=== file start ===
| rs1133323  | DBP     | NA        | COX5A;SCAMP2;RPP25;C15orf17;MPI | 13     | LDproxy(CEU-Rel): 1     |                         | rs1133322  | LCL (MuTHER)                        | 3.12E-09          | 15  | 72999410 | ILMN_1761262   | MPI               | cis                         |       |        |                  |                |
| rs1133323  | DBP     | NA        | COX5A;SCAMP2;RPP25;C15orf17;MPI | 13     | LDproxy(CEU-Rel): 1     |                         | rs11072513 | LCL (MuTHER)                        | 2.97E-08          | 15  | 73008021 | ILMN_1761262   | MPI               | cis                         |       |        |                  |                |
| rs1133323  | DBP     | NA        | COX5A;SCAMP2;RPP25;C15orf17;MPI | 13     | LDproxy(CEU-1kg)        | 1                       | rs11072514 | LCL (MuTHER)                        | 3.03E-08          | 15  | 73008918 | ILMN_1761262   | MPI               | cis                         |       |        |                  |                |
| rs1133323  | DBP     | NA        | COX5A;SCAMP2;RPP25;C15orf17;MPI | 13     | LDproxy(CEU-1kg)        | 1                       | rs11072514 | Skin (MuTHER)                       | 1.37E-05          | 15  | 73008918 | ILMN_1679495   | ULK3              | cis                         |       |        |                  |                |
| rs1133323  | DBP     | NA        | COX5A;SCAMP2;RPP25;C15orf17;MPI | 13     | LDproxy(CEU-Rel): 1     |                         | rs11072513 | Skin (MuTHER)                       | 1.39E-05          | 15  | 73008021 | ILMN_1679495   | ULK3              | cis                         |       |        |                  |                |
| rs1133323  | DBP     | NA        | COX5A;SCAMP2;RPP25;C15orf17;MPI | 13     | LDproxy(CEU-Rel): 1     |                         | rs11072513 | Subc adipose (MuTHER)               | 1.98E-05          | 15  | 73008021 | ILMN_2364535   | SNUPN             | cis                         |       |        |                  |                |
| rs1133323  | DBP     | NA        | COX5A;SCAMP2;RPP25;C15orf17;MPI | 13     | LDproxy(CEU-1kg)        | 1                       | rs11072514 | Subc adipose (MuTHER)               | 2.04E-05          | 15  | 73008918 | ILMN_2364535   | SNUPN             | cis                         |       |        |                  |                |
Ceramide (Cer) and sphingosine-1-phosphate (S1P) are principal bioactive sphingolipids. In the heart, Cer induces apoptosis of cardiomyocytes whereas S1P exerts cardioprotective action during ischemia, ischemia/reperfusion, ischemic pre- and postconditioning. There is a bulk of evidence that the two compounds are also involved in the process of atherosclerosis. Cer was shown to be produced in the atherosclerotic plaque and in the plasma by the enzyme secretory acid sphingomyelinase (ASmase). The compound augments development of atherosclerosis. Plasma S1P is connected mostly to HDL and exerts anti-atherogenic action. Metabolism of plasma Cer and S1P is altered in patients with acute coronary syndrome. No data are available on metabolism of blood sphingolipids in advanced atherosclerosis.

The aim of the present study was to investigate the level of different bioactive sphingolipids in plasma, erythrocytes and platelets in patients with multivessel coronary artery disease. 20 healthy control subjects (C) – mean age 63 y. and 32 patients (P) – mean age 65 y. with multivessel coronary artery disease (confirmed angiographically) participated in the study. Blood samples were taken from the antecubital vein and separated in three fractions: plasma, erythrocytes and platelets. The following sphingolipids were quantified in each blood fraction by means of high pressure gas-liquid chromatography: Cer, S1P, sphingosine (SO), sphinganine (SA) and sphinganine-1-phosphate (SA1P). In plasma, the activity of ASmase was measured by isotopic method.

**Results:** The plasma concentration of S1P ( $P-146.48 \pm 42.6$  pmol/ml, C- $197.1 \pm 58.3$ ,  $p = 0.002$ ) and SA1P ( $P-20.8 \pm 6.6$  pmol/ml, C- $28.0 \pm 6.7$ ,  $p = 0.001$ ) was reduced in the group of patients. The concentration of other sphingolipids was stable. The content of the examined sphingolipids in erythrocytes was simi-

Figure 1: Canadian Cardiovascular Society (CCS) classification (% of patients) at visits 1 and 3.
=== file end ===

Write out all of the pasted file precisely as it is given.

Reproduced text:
| rs1133323  | DBP     | NA        | COX5A;SCAMP2;RPP25;C15orf17;MPI | 13     | LDproxy(CEU-Rel): 1     |                         | rs1133322  | LCL (MuTHER)                        | 3.12E-09          | 15  | 72999410 | ILMN_1761262   | MPI               | cis                         |       |        |                  |                |
| rs1133323  | DBP     | NA        | COX5A;SCAMP2;RPP25;C15orf17;MPI | 13     | LDproxy(CEU-Rel): 1     |                         | rs11072513 | LCL (MuTHER)                        | 2.97E-08          | 15  | 73008021 | ILMN_1761262   | MPI               | cis                         |       |        |                  |                |
| rs1133323  | DBP     | NA        | COX5A;SCAMP2;RPP25;C15orf17;MPI | 13     | LDproxy(CEU-1kg)        | 1                       | rs11072514 | LCL (MuTHER)                        | 3.03E-08          | 15  | 73008918 | ILMN_1761262   | MPI               | cis                         |       |        |                  |                |
| rs1133323  | DBP     | NA        | COX5A;SCAMP2;RPP25;C15orf17;MPI | 13     | LDproxy(CEU-1kg)        | 1                       | rs11072514 | Skin (MuTHER)                       | 1.37E-05          | 15  | 73008918 | ILMN_1679495   | ULK3              | cis                         |       |        |                  |                |
| rs1133323  | DBP     | NA        | COX5A;SCAMP2;RPP25;C15orf17;MPI | 13     | LDproxy(CEU-Rel): 1     |                         | rs11072513 | Skin (MuTHER)                       | 1.39E-05          | 15  | 73008021 | ILMN_1679495   | ULK3              | cis                         |       |        |                  |                |
| rs1133323  | DBP     | NA        | COX5A;SCAMP2;RPP25;C15orf17;MPI | 13     | LDproxy(CEU-Rel): 1     |                         | rs11072513 | Subc adipose (MuTHER)               | 1.98E-05          | 15  | 73008021 | ILMN_2364535   | SNUPN             | cis                         |       |        |                  |                |
| rs1133323  | DBP     | NA        | COX5A;SCAMP2;RPP25;C15orf17;MPI | 13     | LDproxy(CEU-1kg)        | 1                       | rs11072514 | Subc adipose (MuTHER)               | 2.04E-05          | 15  | 73008918 | ILMN_2364535   | SNUPN             | cis                         |       |        |                  |                |
Ceramide (Cer) and sphingosine-1-phosphate (S1P) are principal bioactive sphingolipids. In the heart, Cer induces apoptosis of cardiomyocytes whereas S1P exerts cardioprotective action during ischemia, ischemia/reperfusion, ischemic pre- and postconditioning. There is a bulk of evidence that the two compounds are also involved in the process of atherosclerosis. Cer was shown to be produced in the atherosclerotic plaque and in the plasma by the enzyme secretory acid sphingomyelinase (ASmase). The compound augments development of atherosclerosis. Plasma S1P is connected mostly to HDL and exerts anti-atherogenic action. Metabolism of plasma Cer and S1P is altered in patients with acute coronary syndrome. No data are available on metabolism of blood sphingolipids in advanced atherosclerosis.

The aim of the present study was to investigate the level of different bioactive sphingolipids in plasma, erythrocytes and platelets in patients with multivessel coronary artery disease. 20 healthy control subjects (C) – mean age 63 y. and 32 patients (P) – mean age 65 y. with multivessel coronary artery disease (confirmed angiographically) participated in the study. Blood samples were taken from the antecubital vein and separated in three fractions: plasma, erythrocytes and platelets. The following sphingolipids were quantified in each blood fraction by means of high pressure gas-liquid chromatography: Cer, S1P, sphingosine (SO), sphinganine (SA) and sphinganine-1-phosphate (SA1P). In plasma, the activity of ASmase was measured by isotopic method.

**Results:** The plasma concentration of S1P ( $P-146.48 \pm 42.6$  pmol/ml, C- $197.1 \pm 58.3$ ,  $p = 0.002$ ) and SA1P ( $P-20.8 \pm 6.6$  pmol/ml, C- $28.0 \pm 6.7$ ,  $p = 0.001$ ) was reduced in the group of patients. The concentration of other sphingolipids was stable. The content of the examined sphingolipids in erythrocytes was simi-

Figure 1: Canadian Cardiovascular Society (CCS) classification (% of patients) at visits 1 and 3.